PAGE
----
We carry a good supply of water but it is important to remember that a boat is totally self-contained and in wilderness areas not always near a water supply. We ask that people not shower every day to help conserve water.We can also show you ways to conserve water where you can comfortably shower a couple times a day with very little water use.

Do you offer vegetarian or special diet menus?

All of our meals are served buffet style. We can usually accommodate dietary concerns if we are given sufficient advance notice.

Is it appropriate to tip the crew? How much?

If you feel that the crew have made your trip special and wish to show your appreciation a tip is very much appreciated. How much? 5-10% ?

What qualifications do the crew have?

Besides marine biologists (either by degree or life experience in the field). our skippers are all Coast Guard licensed Captains and usually the owners of the company! Our educated crew are all highly qualified with experience and training in emergency procedures, boat handling and mechanics, and first aid.

What wildlife will I see?

We expect to see a variety of wildlife on all our trips, and have years of experience on the best places to find preferred species. That said, wildlife is wild life and it is only luck that determines how close wildlife comes to us or how spectacular their behavior. We always take a cautious approach when observing wildlife. We do not want to apply any pressure to animals that could result in a change in their behavior.

What kind of equipment is good for photographing wildlife?

If you are intent on getting good wildlife pictures, you should contemplate bringing a long lens. A lens of 300mm seems ideal, while lenses with lengths of 180-300mm generally give good results. Consider bringing additional fairly fast film to capture whale breaches and other action photos, and to allow photography in the low light of morning or evening.

Will I be able to fish?

Our trips focus mainly on wildlife. Surprisingly, only a small number of our guests are interested in fishing with the hope of providing dinner. Let us know so we will be sure and have gear onboard.

Where the boat is from the airport…?

It's located about 4 1/2 miles from the Honolulu National Airport, see the Google Map directions here.

How do your expeditions "make a difference"?

Our learning vacations or "volun-tours" are intended both to provide "know-mads" with a broad knowledge and understanding of marine mammals and turtles, and to use these charismatic large animals to illustrate concepts of marine ecology and animal behavior.

Our marine-biologist owned and operated business has been serving travelers from around the world for over a decade. We work closely with the local communities to help our guests experience island life and support local businesses.milletseed butterflyfish hawaii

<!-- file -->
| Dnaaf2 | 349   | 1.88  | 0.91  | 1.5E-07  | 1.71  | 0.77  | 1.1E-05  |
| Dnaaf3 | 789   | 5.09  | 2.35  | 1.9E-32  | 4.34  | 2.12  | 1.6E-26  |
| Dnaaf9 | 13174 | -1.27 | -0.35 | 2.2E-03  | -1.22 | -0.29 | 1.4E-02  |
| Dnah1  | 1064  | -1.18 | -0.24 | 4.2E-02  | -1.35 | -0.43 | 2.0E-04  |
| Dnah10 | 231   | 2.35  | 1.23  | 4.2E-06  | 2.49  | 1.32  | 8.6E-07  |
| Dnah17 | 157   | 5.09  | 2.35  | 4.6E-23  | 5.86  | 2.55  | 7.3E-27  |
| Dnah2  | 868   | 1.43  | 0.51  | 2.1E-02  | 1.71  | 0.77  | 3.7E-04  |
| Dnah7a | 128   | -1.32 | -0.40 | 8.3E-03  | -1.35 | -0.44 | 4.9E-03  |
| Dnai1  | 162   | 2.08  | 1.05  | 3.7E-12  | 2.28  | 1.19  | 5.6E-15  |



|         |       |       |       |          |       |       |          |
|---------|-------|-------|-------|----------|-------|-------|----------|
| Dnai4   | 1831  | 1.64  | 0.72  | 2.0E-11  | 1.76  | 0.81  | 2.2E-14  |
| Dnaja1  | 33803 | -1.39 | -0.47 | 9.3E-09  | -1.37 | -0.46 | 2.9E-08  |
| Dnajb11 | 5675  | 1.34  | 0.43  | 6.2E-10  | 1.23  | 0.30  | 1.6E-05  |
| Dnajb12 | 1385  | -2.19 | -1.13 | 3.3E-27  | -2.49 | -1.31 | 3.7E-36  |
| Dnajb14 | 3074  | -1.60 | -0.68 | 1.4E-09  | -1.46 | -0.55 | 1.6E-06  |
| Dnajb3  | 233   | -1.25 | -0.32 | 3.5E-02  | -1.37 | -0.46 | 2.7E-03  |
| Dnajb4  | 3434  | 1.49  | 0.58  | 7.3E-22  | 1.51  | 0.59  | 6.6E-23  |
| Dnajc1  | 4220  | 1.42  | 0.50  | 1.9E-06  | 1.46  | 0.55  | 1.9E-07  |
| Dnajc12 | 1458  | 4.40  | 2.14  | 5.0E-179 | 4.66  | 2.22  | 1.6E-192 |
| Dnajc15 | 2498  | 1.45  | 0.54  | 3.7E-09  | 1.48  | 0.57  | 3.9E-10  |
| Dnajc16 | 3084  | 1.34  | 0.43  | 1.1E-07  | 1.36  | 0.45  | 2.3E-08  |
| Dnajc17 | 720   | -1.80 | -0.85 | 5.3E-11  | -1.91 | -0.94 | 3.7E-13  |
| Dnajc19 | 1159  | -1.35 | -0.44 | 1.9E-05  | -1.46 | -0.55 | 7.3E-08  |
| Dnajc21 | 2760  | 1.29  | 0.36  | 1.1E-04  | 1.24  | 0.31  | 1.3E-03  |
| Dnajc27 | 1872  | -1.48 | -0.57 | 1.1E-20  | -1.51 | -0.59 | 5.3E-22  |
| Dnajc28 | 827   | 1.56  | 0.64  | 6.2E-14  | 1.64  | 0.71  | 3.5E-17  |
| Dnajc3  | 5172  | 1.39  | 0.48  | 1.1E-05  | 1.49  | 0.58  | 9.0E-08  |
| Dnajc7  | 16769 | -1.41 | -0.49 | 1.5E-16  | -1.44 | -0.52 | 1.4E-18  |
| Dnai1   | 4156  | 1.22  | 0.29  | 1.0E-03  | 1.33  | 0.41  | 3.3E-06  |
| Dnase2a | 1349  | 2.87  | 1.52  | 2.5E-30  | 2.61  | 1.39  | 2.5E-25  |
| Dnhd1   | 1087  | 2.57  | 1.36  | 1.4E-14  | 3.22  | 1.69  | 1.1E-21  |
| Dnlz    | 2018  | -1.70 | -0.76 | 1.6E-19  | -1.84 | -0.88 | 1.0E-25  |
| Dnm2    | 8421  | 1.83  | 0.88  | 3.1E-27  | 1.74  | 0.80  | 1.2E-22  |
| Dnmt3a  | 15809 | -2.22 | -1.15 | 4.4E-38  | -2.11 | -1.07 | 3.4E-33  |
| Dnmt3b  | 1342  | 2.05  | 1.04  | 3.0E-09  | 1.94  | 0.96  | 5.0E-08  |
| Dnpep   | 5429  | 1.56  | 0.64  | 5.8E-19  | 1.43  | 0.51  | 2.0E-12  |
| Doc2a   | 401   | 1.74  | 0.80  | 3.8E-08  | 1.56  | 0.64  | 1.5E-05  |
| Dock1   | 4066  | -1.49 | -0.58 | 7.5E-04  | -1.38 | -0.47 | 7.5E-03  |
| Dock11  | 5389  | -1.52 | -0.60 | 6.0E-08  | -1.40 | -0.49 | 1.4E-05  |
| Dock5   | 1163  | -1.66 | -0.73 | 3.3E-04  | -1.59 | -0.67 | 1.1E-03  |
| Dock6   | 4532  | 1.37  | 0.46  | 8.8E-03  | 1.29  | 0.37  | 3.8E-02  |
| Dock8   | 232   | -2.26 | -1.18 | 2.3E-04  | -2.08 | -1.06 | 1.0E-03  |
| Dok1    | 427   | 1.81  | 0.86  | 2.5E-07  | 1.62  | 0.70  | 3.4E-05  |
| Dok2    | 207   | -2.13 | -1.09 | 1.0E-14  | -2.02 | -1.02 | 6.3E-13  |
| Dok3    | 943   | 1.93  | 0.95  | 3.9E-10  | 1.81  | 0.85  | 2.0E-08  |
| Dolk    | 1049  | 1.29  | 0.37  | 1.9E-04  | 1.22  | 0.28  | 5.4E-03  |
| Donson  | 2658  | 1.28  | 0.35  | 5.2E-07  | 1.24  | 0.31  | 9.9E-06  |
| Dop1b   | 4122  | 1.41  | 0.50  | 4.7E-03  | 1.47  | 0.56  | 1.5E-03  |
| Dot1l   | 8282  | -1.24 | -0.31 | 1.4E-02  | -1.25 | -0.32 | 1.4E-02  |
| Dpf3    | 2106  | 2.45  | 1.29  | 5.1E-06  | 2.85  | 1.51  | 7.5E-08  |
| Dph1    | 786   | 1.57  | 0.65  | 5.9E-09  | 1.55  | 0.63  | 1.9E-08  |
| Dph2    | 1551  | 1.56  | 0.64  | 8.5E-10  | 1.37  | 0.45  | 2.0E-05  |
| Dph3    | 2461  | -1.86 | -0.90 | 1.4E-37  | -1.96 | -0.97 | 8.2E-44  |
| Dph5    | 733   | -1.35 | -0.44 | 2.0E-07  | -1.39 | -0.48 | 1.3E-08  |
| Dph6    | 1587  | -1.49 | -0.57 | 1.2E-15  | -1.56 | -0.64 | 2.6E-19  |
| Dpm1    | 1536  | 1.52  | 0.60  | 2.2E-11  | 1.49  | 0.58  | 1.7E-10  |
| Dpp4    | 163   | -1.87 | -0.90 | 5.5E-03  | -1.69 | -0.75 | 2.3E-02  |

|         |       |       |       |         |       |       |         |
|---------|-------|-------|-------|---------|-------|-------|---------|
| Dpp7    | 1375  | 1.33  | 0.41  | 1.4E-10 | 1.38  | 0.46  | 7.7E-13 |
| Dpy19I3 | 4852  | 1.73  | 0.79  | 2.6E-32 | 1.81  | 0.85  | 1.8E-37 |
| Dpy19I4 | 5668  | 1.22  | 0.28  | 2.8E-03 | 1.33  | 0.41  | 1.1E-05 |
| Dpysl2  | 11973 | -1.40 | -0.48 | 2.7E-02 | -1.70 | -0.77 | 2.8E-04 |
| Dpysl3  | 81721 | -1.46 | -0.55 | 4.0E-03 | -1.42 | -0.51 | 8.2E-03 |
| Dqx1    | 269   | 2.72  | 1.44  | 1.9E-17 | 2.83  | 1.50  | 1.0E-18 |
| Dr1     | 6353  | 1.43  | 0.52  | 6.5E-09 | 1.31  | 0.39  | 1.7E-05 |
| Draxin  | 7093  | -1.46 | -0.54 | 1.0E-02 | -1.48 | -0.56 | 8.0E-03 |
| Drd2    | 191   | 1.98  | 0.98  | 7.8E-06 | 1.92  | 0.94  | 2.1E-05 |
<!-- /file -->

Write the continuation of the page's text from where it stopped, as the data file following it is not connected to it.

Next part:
We have a 90% daily success rate with sighting dolphins and whales who come close to shore due to the geology of the island and the plentiful food supply.

There is a good spirit of cooperation amongst our staff and agreement to respect the animals as a priority. The in-water encounters follow local and our own guidelines to protect the reef and ocean dwellers.

All guides and captains are fully qualified and have years of experience conducting wildlife adventures in Hawaii. Each and every member of our crew is dedicated to keeping the experience one that will be beneficial to both the wildlife, the community, and our guests.

What types of things are "conservation efforts"?

  • Assisting in photographing dolphin dorsal fins, turtle faces and whale flukes to aid with individual identifications
  • Recording wildlife sighting information such as numbers and species of animals, number of babies, and behaviors. turtle This information is given to research organizations such as Cascadia Research Collective.
  • Logs or journals of daily experiences
  • Reef and turtle monitoring REEF Survey and Reef Check efforts at snorkeling sites.
  • Volunteer "work-days" include enhancement of endemic Hawaiian natural or cultural sites.

We have a large (or small) group, are we really limited to six people?

  • If you have your own larger group, accommodations can be made. Please contact us for details.
  • While even single travelers are welcome, we do need at least four passengers to meet costs and set sail.

Why do the call it a "head"?

According to the U.S. Navy, the term "the head" for the ship's
toilet, comes from the days of sailing ships when the place for the crew to relieve themselves was all the way forward on either side of the bowsprit, the integral part of the hull to which the figurehead was fastened. Before the days of toilets, some ships even had a tiny grated platform, at the bow of the ship for sailor's to use as a makeshift bathroom. By being in the very front of the ship, the area naturally became cleaned by splashing waves, and kept odors away from
the rest of the crew.

If you need further information or if you have any questions that we have not answered please Email us

Things You Can Do to Protect Coral Reefs | How to Snorkel

Today Show, Jan. 21, 204; Volunteer Vacations helping wildlife, Organizations offer volunteers the opportunity to get up close and personal with animals, while learning about the world around them (look for the box listings.)